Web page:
Grofe: Death Valley Suite (CD review)
While the reputation of American composer, arranger, and pianist Ferde Grofe (1892-1972) lies squarely with the Grand Canyon Suite from 1931, he composed any number of other such pictorial pieces of music, most of them coming after the success of the Grand Canyon Suite and most of them either less inspired or more imitative. The three works on this disc, the Hollywood Suite, the Death Valley Suite, and the Hudson River Suite, dating from around 1939, 1949, and 1955 respectively, are typical examples.
The Hollywood Suite is, in my opinion, the least winning of the three. Like Hollywood itself, the music is flashy and flamboyant, starting out with a rather silly movement called "On the Set--Sweepers," complete with the sounds of sweeping brooms, and ending with "Director-Star-Ensemble," a big, largely forgettable production number. Nevertheless, Maestro William Stromberg and the Bournemouth Symphony Orchestra give it their all, and while the music may be rather lightweight, it is undeniably fun.
The Death Valley Suite is supposed to be the disc's big attraction, but it, too, is rather overambitious. It attempts to be another Grand Canyon affair, adding local color with the sounds of wagon trains, whinnying horses, dust storms, and the like. Sorry, I wasn't buying it. Again Maestro Stromberg injects as much vigor into the proceedings as one might expect, even if it's all a bit over-the-top.
For me, the Hudson River Suite was the prize of the lot, especially the "Rip Van Winkle" movement. In this suite, the composer adds color to support the tone pictures he's drawing and not color for the sake of color alone. The Hudson River music includes a lovely introduction called "The River," swings into "Henry Hudson" and "Rip" (Van Winkle), takes us on an "Albany Night Boat," and ends boisterously in "New York!" The music still may not possess any great substance, but it's probably the closest to Grofe's Grand Canyon work represented on the album, with Stromberg providing all the show, nuance, and imagination it needs.
The music-making under Stromberg's direction is, as I say, excellent as usual, the conductor having done this sort of thing for Naxos for years. Equally impressive, in this 2002 release Naxos provided Stromberg with one of their showcase audio editions, the sound clean and clear, with good detail, impressive percussion, and very wide dynamics. Indeed, the wide dynamic range may annoy some listeners because the difference in softest and loudest passages can make it difficult to find a compromise volume setting that won't blow you out of your seat. Still, the wide dynamics are what every audiophile looks for in a good recording.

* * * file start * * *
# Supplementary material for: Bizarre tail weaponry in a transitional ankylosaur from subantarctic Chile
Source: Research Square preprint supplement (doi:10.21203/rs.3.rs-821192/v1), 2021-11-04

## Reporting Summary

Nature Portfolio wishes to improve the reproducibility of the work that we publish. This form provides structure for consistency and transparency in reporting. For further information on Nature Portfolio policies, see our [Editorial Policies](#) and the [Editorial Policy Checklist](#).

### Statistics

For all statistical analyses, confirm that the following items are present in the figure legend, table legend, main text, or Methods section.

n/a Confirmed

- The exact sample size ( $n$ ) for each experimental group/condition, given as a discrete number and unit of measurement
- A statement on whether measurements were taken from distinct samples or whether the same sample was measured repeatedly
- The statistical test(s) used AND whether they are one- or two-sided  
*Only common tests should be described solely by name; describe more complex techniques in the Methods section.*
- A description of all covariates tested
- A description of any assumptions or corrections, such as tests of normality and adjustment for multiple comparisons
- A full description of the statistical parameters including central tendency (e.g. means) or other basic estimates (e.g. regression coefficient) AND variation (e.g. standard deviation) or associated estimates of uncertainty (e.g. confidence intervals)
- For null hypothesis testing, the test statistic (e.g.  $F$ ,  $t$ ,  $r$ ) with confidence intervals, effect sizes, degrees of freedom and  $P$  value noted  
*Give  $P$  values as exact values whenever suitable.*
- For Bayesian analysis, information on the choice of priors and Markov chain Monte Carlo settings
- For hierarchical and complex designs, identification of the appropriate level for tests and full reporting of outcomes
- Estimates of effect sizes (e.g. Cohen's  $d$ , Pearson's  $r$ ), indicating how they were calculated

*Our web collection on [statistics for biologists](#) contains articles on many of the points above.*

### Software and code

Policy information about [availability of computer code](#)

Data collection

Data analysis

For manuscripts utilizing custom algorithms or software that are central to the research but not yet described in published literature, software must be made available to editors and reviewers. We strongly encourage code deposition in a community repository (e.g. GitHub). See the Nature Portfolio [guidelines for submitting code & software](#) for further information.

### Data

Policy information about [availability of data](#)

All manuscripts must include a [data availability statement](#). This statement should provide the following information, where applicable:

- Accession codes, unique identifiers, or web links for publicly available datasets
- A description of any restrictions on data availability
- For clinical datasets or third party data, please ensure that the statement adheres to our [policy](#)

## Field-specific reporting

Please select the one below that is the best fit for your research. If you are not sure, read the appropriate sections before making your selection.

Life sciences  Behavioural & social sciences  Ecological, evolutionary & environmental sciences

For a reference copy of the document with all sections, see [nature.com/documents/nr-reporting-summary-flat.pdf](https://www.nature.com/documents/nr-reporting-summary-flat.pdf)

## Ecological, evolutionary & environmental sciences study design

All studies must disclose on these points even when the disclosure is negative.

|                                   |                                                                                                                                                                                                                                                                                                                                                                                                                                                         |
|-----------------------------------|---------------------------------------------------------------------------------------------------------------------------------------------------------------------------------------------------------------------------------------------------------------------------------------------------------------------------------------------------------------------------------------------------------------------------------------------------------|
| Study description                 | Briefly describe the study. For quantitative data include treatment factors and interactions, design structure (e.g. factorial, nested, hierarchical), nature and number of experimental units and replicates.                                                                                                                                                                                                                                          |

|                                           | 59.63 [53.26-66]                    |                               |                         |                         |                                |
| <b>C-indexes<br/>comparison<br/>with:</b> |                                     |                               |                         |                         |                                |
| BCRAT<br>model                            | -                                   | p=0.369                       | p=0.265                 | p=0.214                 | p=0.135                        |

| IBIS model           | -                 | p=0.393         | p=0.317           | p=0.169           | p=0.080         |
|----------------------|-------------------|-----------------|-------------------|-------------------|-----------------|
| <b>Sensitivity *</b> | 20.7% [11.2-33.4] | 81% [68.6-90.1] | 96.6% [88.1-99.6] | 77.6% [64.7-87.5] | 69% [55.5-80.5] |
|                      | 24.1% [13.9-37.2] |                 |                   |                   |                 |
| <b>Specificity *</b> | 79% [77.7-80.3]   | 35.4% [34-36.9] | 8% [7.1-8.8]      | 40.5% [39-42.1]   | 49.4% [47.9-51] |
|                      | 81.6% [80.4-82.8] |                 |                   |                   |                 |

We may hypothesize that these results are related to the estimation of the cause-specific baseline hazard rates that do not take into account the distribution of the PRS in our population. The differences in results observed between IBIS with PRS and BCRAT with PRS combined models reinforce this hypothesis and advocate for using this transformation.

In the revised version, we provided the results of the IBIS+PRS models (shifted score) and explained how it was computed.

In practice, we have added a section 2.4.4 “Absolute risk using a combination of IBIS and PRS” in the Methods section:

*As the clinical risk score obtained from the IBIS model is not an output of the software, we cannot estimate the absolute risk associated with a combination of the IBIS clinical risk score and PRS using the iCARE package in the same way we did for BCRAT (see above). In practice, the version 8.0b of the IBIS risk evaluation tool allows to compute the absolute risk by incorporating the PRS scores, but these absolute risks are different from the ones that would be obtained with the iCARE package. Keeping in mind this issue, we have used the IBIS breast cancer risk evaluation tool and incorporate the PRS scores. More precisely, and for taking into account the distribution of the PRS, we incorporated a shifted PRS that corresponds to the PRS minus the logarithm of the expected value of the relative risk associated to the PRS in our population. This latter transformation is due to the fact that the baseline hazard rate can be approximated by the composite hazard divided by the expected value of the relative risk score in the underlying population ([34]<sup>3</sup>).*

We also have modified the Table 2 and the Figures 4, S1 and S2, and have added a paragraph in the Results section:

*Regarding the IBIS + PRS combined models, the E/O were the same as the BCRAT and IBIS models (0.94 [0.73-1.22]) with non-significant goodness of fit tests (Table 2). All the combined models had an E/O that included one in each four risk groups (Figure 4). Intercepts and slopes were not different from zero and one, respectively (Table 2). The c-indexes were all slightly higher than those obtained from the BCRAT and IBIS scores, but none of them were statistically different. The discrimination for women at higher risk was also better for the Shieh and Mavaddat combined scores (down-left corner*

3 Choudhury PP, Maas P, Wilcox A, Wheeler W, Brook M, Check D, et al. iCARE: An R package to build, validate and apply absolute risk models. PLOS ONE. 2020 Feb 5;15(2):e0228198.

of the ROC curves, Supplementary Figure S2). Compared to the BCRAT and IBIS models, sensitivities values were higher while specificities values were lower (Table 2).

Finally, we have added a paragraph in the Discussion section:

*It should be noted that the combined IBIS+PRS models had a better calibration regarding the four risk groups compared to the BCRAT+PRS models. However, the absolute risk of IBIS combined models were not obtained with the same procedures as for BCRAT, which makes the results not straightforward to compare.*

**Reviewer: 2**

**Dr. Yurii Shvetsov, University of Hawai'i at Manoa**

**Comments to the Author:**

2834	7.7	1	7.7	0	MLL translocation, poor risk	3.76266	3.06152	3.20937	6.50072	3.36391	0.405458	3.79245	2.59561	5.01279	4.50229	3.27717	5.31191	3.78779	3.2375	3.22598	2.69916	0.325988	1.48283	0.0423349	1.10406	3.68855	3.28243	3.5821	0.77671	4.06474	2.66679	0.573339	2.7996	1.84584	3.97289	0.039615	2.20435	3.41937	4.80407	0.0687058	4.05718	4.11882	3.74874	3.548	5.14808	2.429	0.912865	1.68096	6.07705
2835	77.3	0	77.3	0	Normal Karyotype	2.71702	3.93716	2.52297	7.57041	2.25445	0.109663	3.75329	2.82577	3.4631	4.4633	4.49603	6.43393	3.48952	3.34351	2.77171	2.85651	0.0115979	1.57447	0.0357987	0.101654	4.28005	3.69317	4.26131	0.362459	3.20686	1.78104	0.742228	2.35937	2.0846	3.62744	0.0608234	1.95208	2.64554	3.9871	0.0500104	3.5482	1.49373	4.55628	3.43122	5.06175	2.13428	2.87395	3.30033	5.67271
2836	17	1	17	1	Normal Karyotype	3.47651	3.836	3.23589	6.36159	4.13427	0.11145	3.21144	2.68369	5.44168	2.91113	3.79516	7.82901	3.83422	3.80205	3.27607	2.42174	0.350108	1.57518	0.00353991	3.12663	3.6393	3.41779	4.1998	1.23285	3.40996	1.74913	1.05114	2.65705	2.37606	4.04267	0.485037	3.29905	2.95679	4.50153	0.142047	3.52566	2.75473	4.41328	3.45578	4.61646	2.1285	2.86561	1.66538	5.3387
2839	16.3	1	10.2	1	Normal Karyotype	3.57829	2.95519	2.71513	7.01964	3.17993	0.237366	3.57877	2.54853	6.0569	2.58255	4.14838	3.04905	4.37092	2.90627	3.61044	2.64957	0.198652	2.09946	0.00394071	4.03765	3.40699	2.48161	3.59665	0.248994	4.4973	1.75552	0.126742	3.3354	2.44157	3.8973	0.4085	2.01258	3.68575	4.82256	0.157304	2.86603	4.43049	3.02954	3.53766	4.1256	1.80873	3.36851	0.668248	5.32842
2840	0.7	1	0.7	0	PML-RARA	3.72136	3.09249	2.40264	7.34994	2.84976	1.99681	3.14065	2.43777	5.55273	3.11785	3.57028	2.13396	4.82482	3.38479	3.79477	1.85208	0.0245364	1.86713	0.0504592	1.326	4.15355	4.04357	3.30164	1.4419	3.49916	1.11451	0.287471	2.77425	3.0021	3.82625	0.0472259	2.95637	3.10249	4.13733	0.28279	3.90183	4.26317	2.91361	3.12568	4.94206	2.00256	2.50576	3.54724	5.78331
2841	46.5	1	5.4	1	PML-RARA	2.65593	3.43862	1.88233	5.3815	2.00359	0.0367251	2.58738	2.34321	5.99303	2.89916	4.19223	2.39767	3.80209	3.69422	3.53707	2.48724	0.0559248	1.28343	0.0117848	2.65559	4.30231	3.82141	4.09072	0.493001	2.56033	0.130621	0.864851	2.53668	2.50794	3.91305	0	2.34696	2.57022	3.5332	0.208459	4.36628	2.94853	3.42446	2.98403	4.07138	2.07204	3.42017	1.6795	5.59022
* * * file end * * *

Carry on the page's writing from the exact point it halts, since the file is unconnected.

Anyway, the Hudson River Suite may last only a little more than eighteen minutes, but with sound as good as this, it makes the disc worth its relatively inexpensive price.
To listen to a few brief excerpts from this album, click here:
William (Bill) Heck, Contributing Reviewer
Among my early childhood memories are those of listening to my mother playing records (some even 78 rpm ones!) of both classical music and jazz tunes. I suppose that her love of music was transmitted genetically, and my interest was sustained by years of playing in rock bands – until I realized that this was no way to make a living. The interest in classical music was rekindled in grad school when the university FM station serving as background music for studying happened to play the Brahms First Symphony. As the work came to an end, it struck me forcibly that this was the most beautiful thing I had ever heard, and from that point on, I never looked back. This revelation was to the detriment of my studies, as I subsequently spent way too much time simply listening, but music has remained a significant part of my life. These days, although I still can tell a trumpet from a bassoon and a quarter note from a treble clef, I have to admit that I remain a nonexpert. But I do love music in general and classical music in particular, and I enjoy sharing both information and opinions about it.
The audiophile bug bit about the same time that I returned to that classical music. I’ve gone through plenty of equipment, brands from Audio Research to Yamaha, and the best of it has opened new audio insights. Along the way, I reviewed components, and occasionally recordings, for The $ensible Sound magazine. Recently I’ve rebuilt--I prefer to say reinvigorated--my audio system, with a Sangean FM HD tuner and (for the moment) an ancient Toshiba multi-format disk player serving as a transport, both feeding a NAD C 658 streaming preamp/DAC, which in turn connects to a Legacy Powerbloc2 amplifier driving my trusty Waveform Mach Solo speakers, supplemented by a Hsu Research ULS 15 Mk II subwoofer.